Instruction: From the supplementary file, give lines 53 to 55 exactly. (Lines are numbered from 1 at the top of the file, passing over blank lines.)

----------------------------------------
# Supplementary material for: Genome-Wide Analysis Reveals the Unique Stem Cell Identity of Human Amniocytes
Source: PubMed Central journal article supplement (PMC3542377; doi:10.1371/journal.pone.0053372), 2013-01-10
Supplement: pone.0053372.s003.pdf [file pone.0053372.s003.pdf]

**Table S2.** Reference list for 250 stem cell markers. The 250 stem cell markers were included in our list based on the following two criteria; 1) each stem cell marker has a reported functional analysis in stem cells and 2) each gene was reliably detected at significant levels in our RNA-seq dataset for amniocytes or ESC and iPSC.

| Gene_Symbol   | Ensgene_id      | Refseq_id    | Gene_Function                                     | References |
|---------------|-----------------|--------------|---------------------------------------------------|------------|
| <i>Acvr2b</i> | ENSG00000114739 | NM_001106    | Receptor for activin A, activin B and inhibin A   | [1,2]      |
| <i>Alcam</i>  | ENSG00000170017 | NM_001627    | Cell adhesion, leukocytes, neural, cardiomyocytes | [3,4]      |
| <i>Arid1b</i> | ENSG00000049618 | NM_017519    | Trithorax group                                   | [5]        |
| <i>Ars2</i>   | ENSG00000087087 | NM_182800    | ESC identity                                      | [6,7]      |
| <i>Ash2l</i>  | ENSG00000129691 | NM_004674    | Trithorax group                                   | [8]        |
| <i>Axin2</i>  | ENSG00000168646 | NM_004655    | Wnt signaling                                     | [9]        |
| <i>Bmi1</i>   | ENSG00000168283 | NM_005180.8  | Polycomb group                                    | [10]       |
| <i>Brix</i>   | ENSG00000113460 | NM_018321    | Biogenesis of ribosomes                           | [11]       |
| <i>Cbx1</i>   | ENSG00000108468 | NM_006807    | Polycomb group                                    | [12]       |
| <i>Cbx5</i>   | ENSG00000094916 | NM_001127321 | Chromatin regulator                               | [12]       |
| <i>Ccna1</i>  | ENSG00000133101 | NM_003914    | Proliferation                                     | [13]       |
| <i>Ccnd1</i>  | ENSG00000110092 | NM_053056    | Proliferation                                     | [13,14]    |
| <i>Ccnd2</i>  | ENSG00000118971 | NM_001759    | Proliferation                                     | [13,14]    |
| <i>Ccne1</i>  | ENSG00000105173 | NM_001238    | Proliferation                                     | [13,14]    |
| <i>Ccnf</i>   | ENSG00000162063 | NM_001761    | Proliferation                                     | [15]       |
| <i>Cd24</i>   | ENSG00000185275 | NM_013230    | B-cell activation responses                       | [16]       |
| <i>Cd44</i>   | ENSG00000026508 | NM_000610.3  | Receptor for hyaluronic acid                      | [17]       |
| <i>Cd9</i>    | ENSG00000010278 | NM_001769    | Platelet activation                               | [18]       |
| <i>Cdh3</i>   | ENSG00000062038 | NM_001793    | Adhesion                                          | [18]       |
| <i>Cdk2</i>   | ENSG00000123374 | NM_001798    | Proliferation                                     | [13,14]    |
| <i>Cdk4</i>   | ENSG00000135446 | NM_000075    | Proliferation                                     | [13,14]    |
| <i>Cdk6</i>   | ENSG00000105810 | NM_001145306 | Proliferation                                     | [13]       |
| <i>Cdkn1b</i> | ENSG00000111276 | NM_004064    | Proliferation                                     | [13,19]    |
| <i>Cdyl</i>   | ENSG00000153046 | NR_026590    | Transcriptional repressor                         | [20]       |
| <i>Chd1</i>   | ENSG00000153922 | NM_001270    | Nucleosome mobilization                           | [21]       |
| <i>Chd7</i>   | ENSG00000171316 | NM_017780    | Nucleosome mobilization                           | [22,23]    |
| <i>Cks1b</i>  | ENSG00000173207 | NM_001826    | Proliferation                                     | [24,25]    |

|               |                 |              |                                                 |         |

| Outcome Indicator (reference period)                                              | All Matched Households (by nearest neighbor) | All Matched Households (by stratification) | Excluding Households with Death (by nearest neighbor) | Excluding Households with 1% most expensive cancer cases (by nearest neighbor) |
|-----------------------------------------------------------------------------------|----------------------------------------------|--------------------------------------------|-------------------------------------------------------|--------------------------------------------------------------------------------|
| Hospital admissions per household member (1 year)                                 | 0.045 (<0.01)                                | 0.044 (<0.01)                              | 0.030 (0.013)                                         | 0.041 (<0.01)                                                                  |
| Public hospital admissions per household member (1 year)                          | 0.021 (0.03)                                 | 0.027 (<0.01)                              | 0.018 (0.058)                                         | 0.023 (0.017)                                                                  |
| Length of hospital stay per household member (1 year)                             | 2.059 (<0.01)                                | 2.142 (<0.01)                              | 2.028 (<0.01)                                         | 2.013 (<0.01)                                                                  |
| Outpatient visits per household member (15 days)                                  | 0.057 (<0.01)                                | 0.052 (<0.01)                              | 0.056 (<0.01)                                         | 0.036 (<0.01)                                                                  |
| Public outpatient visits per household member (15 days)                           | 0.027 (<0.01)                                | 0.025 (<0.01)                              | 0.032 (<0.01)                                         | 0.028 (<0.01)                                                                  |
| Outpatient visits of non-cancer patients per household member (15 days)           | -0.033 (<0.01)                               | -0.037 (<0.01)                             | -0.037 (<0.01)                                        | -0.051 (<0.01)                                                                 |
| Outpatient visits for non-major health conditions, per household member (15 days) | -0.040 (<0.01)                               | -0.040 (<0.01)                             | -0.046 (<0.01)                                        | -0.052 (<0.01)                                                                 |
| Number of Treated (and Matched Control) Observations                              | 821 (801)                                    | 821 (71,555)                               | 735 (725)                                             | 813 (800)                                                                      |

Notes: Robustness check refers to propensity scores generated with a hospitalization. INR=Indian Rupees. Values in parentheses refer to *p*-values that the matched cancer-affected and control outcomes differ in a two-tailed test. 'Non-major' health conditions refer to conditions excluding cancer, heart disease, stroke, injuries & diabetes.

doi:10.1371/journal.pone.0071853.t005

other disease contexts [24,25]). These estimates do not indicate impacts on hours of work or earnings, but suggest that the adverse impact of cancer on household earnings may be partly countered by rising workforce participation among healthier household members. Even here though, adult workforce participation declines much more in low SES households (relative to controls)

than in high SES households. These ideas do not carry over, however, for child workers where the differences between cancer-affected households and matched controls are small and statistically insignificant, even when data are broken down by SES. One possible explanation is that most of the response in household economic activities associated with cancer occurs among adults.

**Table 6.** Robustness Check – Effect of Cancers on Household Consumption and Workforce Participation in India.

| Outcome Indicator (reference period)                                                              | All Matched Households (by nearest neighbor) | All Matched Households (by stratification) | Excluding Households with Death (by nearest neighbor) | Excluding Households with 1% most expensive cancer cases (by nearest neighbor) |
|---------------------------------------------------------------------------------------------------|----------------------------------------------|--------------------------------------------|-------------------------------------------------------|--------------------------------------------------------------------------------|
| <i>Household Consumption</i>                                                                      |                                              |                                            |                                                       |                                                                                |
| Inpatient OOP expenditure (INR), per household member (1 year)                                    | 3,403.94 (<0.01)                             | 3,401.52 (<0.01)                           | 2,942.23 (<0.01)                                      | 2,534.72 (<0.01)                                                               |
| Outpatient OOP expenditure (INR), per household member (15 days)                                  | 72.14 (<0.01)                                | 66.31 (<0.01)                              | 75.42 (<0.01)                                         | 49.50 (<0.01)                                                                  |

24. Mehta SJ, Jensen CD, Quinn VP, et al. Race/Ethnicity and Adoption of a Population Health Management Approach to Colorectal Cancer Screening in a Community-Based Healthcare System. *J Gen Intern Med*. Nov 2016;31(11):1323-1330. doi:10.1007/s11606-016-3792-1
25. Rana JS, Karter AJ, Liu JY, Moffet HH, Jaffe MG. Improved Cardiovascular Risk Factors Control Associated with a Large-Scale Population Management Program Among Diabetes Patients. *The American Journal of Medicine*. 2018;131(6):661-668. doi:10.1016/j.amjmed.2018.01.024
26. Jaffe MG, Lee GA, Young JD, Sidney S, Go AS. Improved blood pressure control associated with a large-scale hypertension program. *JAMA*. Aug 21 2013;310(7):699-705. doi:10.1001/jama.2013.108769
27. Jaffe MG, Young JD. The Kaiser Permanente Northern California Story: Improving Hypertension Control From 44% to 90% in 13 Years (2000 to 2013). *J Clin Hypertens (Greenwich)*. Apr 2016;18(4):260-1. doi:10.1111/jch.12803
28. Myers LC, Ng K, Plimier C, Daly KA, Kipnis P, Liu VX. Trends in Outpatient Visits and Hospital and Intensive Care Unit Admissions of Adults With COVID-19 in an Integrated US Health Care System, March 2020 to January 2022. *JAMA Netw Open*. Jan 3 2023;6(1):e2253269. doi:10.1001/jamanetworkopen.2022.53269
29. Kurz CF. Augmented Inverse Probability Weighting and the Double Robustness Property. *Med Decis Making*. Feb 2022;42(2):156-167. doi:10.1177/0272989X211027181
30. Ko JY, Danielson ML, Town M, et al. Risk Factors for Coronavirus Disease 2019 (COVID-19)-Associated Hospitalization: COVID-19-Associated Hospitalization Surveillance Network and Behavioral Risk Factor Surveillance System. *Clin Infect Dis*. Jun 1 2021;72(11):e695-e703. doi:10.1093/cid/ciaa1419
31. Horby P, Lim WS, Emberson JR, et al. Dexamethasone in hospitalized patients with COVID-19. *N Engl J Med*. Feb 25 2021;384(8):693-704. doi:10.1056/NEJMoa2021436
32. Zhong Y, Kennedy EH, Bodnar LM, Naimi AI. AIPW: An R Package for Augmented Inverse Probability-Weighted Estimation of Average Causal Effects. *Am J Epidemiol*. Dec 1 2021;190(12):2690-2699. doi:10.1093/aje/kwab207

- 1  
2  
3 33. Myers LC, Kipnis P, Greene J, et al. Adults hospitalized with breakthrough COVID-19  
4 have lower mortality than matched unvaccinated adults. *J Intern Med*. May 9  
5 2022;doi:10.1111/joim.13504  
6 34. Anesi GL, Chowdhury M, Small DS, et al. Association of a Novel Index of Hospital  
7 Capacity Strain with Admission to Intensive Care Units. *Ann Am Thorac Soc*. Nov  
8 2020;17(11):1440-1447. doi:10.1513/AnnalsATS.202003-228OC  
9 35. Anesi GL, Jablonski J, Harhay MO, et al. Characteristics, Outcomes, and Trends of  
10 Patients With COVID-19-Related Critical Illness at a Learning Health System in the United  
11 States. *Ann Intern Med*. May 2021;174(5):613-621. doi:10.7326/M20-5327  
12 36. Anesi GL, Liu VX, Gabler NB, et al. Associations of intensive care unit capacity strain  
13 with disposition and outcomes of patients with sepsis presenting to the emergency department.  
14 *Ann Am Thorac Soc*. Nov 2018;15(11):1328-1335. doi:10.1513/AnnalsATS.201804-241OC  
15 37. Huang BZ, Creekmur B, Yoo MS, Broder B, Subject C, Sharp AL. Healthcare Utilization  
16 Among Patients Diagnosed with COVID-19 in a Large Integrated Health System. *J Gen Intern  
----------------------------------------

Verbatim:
| Inpatient OOP expenditure (INR), per household member (1 year)                                    | 3,403.94 (<0.01)                             | 3,401.52 (<0.01)                           | 2,942.23 (<0.01)                                      | 2,534.72 (<0.01)                                                               |
| Outpatient OOP expenditure (INR), per household member (15 days)                                  | 72.14 (<0.01)                                | 66.31 (<0.01)                              | 75.42 (<0.01)                                         | 49.50 (<0.01)                                                                  |

24. Mehta SJ, Jensen CD, Quinn VP, et al. Race/Ethnicity and Adoption of a Population Health Management Approach to Colorectal Cancer Screening in a Community-Based Healthcare System. *J Gen Intern Med*. Nov 2016;31(11):1323-1330. doi:10.1007/s11606-016-3792-1